Thursday, April 11, 2013

Generic drugs and the law in India

A week or so ago, the Supreme Court of India, in a landmark case, ruled against the extension of copyright protections for pharmaceutical compositions that involve only minimal changes from their original patents. It used an important section in current intellectual property (IP) law to determine that slight deviations in the composition of drugs do not warrant new patent protections in the absence of any significant improvement in efficacy or change in overall constitution. The ruling was hailed as a much-need fillip in the fight for greater access to affordable medicines and celebrated by civil society activists and generic drug companies alike as an affirmation of the right of patients to seek affordable, life-saving alternatives to expensive drugs. Two perspectives emerged in the mainstream media after the landmark judgment: the pharmaceutical company involved in the litigation called the verdict an affront to innovation in medical research, while others, particularly groups representing cancer patients and HIV-positive people, described it as a welcome step towards recognition of the generic drugs that are crucial to a developing society like India. Indian generic drugs are used not only in India but are distributed globally by health organizations working across the developing world. Moreover, scientists and manufacturers of generic drug companies argue that major pharmaceuticals generally recuperate their research and development costs in a single year of distribution in a country like the United States, which problematizes the latter's fear of the impact on innovation of a more relaxed patenting regime.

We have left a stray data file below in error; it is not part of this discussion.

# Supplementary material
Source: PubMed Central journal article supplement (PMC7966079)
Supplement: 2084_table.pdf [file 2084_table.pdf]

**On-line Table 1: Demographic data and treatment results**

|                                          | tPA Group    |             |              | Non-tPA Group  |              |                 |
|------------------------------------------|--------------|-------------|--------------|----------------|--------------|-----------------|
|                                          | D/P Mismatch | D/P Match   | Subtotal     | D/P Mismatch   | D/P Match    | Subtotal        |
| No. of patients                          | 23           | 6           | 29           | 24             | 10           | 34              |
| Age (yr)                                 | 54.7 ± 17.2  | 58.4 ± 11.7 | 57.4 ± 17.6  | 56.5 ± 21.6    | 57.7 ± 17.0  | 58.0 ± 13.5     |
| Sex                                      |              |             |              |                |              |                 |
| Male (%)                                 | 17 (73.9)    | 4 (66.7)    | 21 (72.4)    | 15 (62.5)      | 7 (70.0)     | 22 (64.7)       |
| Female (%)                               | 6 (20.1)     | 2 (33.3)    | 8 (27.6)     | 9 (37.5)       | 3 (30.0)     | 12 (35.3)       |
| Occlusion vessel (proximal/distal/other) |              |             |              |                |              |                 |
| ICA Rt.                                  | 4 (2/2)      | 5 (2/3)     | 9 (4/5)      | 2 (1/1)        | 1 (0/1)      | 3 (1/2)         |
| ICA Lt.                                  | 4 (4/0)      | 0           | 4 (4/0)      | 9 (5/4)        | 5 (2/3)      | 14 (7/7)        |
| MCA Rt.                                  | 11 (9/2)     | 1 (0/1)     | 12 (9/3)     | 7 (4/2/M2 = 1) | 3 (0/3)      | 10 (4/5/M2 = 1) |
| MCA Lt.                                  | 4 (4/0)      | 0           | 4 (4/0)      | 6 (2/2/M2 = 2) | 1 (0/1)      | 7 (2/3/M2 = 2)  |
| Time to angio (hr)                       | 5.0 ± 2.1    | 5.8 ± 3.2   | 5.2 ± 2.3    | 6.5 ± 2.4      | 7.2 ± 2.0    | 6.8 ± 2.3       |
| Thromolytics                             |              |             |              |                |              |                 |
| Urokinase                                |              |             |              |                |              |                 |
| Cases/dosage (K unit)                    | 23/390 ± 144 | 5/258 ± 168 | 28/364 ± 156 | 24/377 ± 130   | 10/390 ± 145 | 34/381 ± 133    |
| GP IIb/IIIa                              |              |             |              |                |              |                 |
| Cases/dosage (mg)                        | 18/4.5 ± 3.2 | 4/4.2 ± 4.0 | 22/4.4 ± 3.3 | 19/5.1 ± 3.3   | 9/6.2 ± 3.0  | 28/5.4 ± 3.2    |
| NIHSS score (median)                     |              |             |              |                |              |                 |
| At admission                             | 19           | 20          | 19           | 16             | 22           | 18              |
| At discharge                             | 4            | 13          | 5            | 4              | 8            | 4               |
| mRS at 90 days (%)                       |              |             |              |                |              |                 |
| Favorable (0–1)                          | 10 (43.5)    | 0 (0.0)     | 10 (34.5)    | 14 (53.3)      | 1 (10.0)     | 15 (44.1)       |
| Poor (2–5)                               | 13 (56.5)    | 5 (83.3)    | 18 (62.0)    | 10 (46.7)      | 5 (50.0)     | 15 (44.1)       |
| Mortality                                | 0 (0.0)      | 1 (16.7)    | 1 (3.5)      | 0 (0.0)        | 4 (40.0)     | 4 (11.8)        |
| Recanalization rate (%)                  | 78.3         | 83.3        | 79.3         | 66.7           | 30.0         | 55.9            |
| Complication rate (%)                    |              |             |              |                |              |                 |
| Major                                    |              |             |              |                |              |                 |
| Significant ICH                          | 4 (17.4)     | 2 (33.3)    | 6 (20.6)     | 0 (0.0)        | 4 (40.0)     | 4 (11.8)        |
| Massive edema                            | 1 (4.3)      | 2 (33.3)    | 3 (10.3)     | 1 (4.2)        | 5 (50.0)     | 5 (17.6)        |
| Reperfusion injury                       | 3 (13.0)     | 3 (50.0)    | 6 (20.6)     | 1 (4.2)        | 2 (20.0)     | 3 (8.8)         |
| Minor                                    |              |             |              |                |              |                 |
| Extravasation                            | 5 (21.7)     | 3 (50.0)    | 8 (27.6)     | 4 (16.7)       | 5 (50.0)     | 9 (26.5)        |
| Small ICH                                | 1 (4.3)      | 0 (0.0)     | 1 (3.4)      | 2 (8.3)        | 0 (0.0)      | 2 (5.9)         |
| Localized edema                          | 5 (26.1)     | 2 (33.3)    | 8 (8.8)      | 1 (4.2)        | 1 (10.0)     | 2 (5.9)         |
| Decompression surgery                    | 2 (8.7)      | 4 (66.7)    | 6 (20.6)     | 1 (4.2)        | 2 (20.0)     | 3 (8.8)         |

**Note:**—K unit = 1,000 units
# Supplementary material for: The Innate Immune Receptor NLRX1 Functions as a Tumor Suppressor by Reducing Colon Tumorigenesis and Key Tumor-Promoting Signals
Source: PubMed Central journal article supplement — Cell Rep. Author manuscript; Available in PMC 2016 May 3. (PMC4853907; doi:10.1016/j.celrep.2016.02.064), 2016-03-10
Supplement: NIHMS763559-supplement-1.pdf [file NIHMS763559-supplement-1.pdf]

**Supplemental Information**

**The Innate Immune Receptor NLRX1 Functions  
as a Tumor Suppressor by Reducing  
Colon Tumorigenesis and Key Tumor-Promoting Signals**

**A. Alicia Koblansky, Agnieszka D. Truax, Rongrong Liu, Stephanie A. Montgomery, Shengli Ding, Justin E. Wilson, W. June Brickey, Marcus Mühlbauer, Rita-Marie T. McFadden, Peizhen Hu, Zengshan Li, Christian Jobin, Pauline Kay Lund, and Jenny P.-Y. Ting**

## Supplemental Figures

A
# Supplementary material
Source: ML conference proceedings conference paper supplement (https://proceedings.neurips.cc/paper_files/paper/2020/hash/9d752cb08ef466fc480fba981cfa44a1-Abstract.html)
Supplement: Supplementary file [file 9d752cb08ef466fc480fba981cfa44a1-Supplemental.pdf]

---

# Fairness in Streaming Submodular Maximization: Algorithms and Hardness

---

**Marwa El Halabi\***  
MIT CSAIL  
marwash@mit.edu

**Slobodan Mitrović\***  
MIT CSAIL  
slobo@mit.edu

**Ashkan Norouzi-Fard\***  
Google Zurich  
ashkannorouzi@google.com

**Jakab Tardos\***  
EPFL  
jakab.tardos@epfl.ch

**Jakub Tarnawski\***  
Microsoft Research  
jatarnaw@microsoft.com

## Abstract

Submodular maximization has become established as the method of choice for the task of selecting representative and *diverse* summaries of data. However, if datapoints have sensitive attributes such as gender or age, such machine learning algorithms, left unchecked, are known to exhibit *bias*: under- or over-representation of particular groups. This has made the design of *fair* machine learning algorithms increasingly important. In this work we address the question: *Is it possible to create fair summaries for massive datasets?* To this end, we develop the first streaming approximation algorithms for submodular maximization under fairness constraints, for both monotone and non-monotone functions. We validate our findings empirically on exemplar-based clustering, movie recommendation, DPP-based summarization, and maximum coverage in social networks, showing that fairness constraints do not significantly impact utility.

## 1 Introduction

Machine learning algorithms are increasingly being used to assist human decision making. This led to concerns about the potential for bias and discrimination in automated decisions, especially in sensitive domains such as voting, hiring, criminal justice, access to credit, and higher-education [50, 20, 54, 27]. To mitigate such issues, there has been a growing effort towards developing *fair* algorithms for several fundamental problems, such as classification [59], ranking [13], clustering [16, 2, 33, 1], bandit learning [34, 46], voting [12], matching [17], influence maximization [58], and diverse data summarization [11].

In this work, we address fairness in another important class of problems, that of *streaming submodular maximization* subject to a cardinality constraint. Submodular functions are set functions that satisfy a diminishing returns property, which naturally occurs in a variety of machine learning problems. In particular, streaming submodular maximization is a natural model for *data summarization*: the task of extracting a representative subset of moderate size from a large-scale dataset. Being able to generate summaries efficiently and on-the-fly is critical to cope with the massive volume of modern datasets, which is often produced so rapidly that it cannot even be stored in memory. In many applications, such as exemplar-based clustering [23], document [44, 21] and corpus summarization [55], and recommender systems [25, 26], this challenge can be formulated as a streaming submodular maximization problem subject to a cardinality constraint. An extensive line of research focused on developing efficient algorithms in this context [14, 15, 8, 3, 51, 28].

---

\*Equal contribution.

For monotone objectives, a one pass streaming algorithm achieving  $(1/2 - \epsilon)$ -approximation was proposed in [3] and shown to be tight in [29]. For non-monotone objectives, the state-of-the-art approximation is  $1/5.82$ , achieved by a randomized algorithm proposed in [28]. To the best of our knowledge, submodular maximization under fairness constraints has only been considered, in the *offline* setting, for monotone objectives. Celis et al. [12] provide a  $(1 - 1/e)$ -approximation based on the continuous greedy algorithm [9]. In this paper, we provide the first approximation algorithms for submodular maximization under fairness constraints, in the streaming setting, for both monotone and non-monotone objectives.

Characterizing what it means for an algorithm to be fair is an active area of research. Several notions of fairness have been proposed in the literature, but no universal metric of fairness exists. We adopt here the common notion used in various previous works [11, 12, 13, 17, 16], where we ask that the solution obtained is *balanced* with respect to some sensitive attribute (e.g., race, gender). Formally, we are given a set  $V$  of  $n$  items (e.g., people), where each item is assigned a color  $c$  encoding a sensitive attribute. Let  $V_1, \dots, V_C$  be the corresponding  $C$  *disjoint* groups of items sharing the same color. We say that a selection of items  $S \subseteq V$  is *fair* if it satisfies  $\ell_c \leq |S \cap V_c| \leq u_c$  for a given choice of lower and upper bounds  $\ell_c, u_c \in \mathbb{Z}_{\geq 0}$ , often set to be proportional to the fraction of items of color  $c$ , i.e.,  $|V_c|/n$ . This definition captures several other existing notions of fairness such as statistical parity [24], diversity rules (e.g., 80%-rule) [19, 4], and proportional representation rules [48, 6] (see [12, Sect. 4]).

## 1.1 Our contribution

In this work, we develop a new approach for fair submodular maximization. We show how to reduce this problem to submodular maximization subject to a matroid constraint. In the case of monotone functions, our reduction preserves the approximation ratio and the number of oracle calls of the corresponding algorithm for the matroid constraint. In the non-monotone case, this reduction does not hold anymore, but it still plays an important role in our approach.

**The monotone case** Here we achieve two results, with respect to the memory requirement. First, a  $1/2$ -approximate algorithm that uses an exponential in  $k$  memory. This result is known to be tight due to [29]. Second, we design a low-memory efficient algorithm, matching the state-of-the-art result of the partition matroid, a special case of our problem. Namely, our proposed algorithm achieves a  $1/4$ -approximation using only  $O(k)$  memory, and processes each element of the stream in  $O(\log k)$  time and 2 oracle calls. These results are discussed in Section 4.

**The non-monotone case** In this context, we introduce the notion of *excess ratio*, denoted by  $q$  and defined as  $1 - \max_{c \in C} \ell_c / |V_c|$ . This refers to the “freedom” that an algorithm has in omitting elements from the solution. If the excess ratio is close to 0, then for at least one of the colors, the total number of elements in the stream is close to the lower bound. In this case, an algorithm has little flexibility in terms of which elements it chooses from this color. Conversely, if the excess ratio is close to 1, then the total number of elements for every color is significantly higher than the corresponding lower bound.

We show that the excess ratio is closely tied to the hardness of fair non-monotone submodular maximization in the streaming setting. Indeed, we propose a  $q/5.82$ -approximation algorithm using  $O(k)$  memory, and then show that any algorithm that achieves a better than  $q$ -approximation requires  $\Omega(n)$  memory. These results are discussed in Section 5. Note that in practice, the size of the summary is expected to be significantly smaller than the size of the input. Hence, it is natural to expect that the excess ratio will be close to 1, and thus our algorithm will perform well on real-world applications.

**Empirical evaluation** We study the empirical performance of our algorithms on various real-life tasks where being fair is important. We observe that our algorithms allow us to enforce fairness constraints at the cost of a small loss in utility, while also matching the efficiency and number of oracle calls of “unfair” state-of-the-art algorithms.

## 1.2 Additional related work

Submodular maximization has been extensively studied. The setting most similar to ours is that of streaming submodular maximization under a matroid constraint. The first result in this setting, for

It is, therefore, of great concern to civil society in India that the draft EU-India Free Trade Agreement (FTA) currently under consideration in Germany reportedly contains several provisions that seem to go against the spirit of the Supreme Court verdict. Most of the FTA's IP protections have reportedly been adopted from the Anti-Counterfeit Trade Agreement, which was roundly rejected by the European Parliament and was even more stringent than the WTO-TRIPS Agreement. These provisions allegedly include the right of EU companies to "demand the freezing of bank accounts and seizure of properties of generic companies on the mere allegation of patent-infringement and to drag third parties like treatment-providers into litigation" (Hindu 11 April 2013). They also provide for the establishment of investor-state dispute mechanisms outside the rubric of the state's judicial system (common in trade agreements such as this), which, according to critics, work outside the domain of national laws and therefore disregard the delicate balance between patent rights and the public interest maintained, in a normative sense, in national adjudication.

Health advocates and civil society activists have called on the government to refrain from entering into any agreement detrimental to the country's health needs. However, past experience shows that the Indian government, in pursuit of commercial goals and under pressure from external powers, is entirely capable of ignoring crucial questions of survival to toe the line on international trade policies designed to benefit corporations rather than people. This will be a test not only of economic wisdom but also respect for political and judicial sovereignty.